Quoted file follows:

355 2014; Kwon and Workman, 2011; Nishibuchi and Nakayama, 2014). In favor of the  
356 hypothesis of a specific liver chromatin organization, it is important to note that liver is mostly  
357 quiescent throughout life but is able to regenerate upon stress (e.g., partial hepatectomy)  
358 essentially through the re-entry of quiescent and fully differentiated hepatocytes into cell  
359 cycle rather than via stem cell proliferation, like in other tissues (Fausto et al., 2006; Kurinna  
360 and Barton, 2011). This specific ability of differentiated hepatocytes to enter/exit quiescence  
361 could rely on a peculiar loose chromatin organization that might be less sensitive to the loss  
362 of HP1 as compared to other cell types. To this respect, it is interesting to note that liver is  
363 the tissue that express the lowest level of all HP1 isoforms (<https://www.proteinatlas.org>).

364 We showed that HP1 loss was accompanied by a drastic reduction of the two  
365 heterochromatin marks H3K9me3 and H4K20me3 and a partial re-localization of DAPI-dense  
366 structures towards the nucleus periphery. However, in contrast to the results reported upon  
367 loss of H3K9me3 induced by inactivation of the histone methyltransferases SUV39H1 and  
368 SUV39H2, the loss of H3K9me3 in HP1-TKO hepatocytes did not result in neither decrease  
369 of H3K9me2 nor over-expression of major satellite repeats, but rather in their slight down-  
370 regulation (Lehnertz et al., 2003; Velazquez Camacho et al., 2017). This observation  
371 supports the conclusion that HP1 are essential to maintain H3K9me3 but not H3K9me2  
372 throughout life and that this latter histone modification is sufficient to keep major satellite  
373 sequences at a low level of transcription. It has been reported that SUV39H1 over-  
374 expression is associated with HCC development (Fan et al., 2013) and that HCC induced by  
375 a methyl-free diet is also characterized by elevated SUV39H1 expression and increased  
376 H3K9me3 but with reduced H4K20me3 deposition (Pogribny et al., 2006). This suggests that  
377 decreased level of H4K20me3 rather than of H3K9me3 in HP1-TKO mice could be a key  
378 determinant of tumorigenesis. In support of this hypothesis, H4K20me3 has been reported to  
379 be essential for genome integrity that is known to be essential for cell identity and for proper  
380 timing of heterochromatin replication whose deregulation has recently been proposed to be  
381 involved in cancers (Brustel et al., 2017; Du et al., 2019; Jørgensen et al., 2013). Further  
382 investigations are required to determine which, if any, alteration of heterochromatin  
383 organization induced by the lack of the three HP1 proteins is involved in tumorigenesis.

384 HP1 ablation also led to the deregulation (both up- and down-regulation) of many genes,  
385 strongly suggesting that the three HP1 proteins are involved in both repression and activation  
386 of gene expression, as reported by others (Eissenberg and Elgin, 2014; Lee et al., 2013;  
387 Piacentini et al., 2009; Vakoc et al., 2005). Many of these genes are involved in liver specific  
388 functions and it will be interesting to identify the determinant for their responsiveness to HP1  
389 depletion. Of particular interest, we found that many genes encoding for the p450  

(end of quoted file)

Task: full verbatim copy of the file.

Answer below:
355 2014; Kwon and Workman, 2011; Nishibuchi and Nakayama, 2014). In favor of the  
356 hypothesis of a specific liver chromatin organization, it is important to note that liver is mostly  
357 quiescent throughout life but is able to regenerate upon stress (e.g., partial hepatectomy)  
358 essentially through the re-entry of quiescent and fully differentiated hepatocytes into cell  
359 cycle rather than via stem cell proliferation, like in other tissues (Fausto et al., 2006; Kurinna  
360 and Barton, 2011). This specific ability of differentiated hepatocytes to enter/exit quiescence  
361 could rely on a peculiar loose chromatin organization that might be less sensitive to the loss  
362 of HP1 as compared to other cell types. To this respect, it is interesting to note that liver is  
363 the tissue that express the lowest level of all HP1 isoforms (<https://www.proteinatlas.org>).

364 We showed that HP1 loss was accompanied by a drastic reduction of the two  
365 heterochromatin marks H3K9me3 and H4K20me3 and a partial re-localization of DAPI-dense  
366 structures towards the nucleus periphery. However, in contrast to the results reported upon  
367 loss of H3K9me3 induced by inactivation of the histone methyltransferases SUV39H1 and  
368 SUV39H2, the loss of H3K9me3 in HP1-TKO hepatocytes did not result in neither decrease  
369 of H3K9me2 nor over-expression of major satellite repeats, but rather in their slight down-  
370 regulation (Lehnertz et al., 2003; Velazquez Camacho et al., 2017). This observation  
371 supports the conclusion that HP1 are essential to maintain H3K9me3 but not H3K9me2  
372 throughout life and that this latter histone modification is sufficient to keep major satellite  
373 sequences at a low level of transcription. It has been reported that SUV39H1 over-  
374 expression is associated with HCC development (Fan et al., 2013) and that HCC induced by  
375 a methyl-free diet is also characterized by elevated SUV39H1 expression and increased  
376 H3K9me3 but with reduced H4K20me3 deposition (Pogribny et al., 2006). This suggests that  
377 decreased level of H4K20me3 rather than of H3K9me3 in HP1-TKO mice could be a key  
378 determinant of tumorigenesis. In support of this hypothesis, H4K20me3 has been reported to  
379 be essential for genome integrity that is known to be essential for cell identity and for proper  
380 timing of heterochromatin replication whose deregulation has recently been proposed to be  
381 involved in cancers (Brustel et al., 2017; Du et al., 2019; Jørgensen et al., 2013). Further  
382 investigations are required to determine which, if any, alteration of heterochromatin  
383 organization induced by the lack of the three HP1 proteins is involved in tumorigenesis.

384 HP1 ablation also led to the deregulation (both up- and down-regulation) of many genes,  
385 strongly suggesting that the three HP1 proteins are involved in both repression and activation  
386 of gene expression, as reported by others (Eissenberg and Elgin, 2014; Lee et al., 2013;  
387 Piacentini et al., 2009; Vakoc et al., 2005). Many of these genes are involved in liver specific  
388 functions and it will be interesting to identify the determinant for their responsiveness to HP1  
389 depletion. Of particular interest, we found that many genes encoding for the p450  